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Alzheimer’s, dementia care program offers support to caregivers

Patti Davis, who co-facilitates a support group called Beyond Alzheimer’s twice a week, spoke to attendees at the 2nd annual I-CareD Bootcamp for Caregivers of Dementia. (Allison Ong/Daily Bruin)

By Allison Ong

April 13, 2015 11:12 a.m.

When Patti Davis’ father announced his diagnosis of Alzheimer’s disease to America through a letter in 1994, strangers began approaching her in public to share their personal stories and struggles with the disease.

Everybody knew who Davis’ father was: Ronald Reagan, a former president of the United States. But in the 10 years her father was ill, Davis said people rarely asked her how she was coping.

“It feels like the definition of who you are has shrunk down to ‘I am the daughter of a parent who has Alzheimer’s,'” Davis said. “(But) you are still allowed to have a life. It’s a part of who you are now, but it’s not the entirety of who you are.”

Three years ago, Davis started a support group for caregivers in Los Angeles. The group, Beyond Alzheimer’s, meets twice a week through UCLA’s Alzheimer’s and Dementia Care program. On Saturday, Davis shared her experiences with an audience of about 20 people at the second annual Improving Caregiving for Dementia Caregiver Bootcamp, or I-CareD, at Santa Monica’s WISE & Healthy Aging Center.

During the boot camp funded by the Archstone Foundation and organized by UCLA, caregivers from across Los Angeles attended presentations and live demonstrations about the scientific progression, behavioral issues and treatment of Alzheimer’s and dementia.

Alzheimer’s disease accounts for 60 to 80 percent of all dementia cases, said Dr. Zaldy Tan, the medical director of the Alzheimer’s and Dementia Care program. Dementia is a brain condition resulting in the deterioration of memory, behavior and mental functions. Common behaviors associated with advanced stages of Alzheimer’s include impaired short-term and long-term memory, personality changes or delusional behavior.

Amorin Mullins, who has been a private caretaker of such patients for five years, said she attended the boot camp to educate herself more about providing individual care to patients.

“I still want to learn more. (The boot camp has) given me new ideas of what to do when my patients are upset,” she said. “I want to do my job well.”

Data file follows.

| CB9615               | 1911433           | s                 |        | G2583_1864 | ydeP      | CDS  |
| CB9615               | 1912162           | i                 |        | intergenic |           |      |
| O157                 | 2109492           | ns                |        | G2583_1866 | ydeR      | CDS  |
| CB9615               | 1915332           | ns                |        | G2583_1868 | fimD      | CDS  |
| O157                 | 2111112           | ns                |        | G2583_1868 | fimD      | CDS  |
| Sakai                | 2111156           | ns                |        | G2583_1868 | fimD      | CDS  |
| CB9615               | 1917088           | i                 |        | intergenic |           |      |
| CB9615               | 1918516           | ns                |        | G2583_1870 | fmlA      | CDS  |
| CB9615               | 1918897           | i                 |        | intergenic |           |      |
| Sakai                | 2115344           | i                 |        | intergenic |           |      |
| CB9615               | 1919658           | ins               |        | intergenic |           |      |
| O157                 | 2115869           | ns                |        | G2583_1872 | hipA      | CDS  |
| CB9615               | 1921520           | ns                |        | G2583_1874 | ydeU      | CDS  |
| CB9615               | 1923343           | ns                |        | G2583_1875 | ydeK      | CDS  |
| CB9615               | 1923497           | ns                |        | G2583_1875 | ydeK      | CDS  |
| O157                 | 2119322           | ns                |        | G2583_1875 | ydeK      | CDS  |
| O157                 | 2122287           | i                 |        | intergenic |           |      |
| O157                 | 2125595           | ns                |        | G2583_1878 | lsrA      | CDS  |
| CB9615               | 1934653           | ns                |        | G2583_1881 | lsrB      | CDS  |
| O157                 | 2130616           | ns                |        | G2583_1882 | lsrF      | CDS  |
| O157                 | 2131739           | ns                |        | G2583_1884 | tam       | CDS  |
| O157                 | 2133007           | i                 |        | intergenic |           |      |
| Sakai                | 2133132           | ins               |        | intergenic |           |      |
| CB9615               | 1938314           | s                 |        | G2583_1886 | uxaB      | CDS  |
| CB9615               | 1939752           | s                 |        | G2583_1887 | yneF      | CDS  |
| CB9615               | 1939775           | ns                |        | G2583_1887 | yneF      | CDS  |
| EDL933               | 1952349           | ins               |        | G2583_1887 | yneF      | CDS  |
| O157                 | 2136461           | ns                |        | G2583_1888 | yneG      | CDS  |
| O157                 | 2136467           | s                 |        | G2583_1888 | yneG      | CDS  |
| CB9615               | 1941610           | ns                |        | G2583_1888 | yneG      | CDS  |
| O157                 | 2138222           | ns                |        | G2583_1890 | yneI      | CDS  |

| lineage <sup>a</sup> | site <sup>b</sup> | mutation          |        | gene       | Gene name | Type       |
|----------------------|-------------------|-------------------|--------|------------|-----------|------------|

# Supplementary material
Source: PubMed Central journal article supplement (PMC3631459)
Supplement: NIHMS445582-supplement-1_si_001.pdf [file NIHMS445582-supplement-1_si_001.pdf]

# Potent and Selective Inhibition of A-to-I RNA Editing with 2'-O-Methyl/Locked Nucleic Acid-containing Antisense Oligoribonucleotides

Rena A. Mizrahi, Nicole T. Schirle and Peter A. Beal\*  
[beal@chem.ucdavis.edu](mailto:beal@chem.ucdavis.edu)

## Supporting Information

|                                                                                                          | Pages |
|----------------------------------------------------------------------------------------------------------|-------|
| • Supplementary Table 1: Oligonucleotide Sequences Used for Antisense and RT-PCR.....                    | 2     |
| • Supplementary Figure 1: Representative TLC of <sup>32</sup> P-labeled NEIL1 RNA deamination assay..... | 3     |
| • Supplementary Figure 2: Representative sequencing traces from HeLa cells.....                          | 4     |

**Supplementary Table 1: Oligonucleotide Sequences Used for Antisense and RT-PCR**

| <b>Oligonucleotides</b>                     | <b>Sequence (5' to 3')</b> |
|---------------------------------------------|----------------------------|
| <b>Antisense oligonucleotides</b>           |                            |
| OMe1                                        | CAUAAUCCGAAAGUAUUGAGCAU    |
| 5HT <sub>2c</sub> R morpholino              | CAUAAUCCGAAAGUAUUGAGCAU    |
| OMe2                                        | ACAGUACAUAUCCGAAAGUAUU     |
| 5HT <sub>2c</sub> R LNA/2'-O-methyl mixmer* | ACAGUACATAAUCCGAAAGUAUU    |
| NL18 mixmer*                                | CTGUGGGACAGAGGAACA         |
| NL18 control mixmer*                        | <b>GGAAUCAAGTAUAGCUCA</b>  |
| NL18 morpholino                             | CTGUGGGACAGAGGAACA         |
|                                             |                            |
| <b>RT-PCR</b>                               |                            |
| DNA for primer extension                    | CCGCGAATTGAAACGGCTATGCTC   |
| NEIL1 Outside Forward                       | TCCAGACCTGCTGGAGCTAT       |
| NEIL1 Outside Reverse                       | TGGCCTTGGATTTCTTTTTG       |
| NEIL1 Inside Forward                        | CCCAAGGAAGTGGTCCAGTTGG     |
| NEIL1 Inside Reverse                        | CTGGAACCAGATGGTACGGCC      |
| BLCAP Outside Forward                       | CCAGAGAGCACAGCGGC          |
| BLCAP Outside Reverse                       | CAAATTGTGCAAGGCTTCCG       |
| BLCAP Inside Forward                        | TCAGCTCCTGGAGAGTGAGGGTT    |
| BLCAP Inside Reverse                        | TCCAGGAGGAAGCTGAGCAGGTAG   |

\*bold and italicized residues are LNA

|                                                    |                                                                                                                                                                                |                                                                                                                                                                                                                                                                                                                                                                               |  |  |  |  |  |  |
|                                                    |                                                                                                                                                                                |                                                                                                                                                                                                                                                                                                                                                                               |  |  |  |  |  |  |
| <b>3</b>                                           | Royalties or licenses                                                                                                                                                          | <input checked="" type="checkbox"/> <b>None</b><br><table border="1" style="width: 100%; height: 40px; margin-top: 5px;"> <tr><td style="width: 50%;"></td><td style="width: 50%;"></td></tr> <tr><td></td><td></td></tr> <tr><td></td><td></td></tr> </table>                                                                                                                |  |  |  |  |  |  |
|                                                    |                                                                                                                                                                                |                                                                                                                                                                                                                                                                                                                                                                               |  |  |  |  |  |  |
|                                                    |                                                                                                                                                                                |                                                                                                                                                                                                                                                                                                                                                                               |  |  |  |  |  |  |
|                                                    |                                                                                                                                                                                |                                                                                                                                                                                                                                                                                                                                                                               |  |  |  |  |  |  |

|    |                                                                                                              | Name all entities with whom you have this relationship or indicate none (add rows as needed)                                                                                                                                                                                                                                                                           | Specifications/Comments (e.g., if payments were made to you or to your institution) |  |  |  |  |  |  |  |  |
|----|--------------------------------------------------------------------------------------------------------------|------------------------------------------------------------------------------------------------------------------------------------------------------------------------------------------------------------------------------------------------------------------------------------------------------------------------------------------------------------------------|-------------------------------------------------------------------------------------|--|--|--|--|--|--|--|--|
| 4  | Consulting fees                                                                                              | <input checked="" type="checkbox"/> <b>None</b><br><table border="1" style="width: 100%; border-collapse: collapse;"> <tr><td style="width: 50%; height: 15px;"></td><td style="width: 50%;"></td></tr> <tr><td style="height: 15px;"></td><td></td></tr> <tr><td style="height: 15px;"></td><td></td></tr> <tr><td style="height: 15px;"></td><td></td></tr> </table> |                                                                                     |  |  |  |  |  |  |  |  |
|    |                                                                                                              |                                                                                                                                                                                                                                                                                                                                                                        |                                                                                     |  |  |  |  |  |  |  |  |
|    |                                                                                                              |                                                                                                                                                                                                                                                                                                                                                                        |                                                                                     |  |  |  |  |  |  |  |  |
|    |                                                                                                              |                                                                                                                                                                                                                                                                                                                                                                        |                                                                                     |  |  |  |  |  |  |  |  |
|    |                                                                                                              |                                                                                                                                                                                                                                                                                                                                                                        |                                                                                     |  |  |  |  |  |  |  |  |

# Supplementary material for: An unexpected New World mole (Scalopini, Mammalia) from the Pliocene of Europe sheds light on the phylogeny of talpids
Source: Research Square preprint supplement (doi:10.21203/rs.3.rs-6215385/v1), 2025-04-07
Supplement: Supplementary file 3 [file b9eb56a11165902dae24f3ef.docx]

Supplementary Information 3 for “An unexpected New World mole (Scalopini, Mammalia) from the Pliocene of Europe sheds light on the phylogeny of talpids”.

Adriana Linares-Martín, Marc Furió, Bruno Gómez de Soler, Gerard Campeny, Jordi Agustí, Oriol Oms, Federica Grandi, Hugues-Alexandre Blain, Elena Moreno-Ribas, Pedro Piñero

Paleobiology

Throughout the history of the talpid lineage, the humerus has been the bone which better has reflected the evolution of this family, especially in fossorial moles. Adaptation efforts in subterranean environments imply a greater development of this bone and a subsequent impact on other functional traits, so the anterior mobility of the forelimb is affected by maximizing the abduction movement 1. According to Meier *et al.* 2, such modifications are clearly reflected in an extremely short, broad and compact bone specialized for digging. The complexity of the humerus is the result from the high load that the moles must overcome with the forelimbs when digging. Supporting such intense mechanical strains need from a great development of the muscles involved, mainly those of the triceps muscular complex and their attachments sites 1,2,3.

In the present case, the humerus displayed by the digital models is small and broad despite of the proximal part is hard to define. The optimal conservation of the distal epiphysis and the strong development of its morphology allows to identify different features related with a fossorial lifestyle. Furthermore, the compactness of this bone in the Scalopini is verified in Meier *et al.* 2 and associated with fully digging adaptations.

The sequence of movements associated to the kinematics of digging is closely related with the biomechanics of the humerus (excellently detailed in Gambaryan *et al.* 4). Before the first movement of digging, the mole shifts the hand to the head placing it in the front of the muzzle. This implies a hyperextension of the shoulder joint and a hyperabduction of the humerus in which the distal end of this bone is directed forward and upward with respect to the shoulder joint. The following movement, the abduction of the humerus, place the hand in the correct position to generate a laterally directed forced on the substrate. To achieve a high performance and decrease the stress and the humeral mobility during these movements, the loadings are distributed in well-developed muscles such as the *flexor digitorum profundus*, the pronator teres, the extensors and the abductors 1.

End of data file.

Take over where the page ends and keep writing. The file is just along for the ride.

The Dementia Care program as a whole currently enrolls 1,200 patients with dementia and distributes them among five nurse-practitioners, said Tan, who is also an associate professor of geriatric medicine at the David Geffen School of Medicine. The program’s services for caregivers include educational resources, support groups and weekend respite programs, in which patients receive entertainment and meals while caregivers can concentrate on learning about dementia care and management.

“The caregivers are as much our patient as the patient is,” Tan said. “The boot camp is an intensive way of providing education, especially for caregivers who are the most stressed and have the highest need.”

During the boot camp, Davis co-facilitated a support group session with Dr. Linda Ercoli, a professor of geriatric psychology at UCLA. Davis said she named the group Beyond Alzheimer’s to instill the idea that there remains life – a human soul – in people with deteriorating brains. She said she wanted her group to be a safe environment for caregivers to discuss feelings and issues they felt uncomfortable talking about elsewhere.

“Nobody flinches in the room when somebody says, ‘You know, I just wish it was over at this point,'” Davis said. “We all get it. We all understand.”

When her father was battling Alzheimer’s, Davis said she lacked adequate support and navigated her own way through her journey as a caregiver and daughter.

“It was kind of a lonely passage, but I did it and learned a lot, ” she said. “When you do that, you learn to give that back to people.”

Dementia Care used to be a pilot program funded by the Centers for Medicare and Medicaid Services to test whether its type of care management will lead to better outcomes and reduced cost, Tan said.

The program will continue to support caregivers, as it plans to host its first live Spanish-language webinar over UCLA MD chat this Wednesday, Ercoli said.

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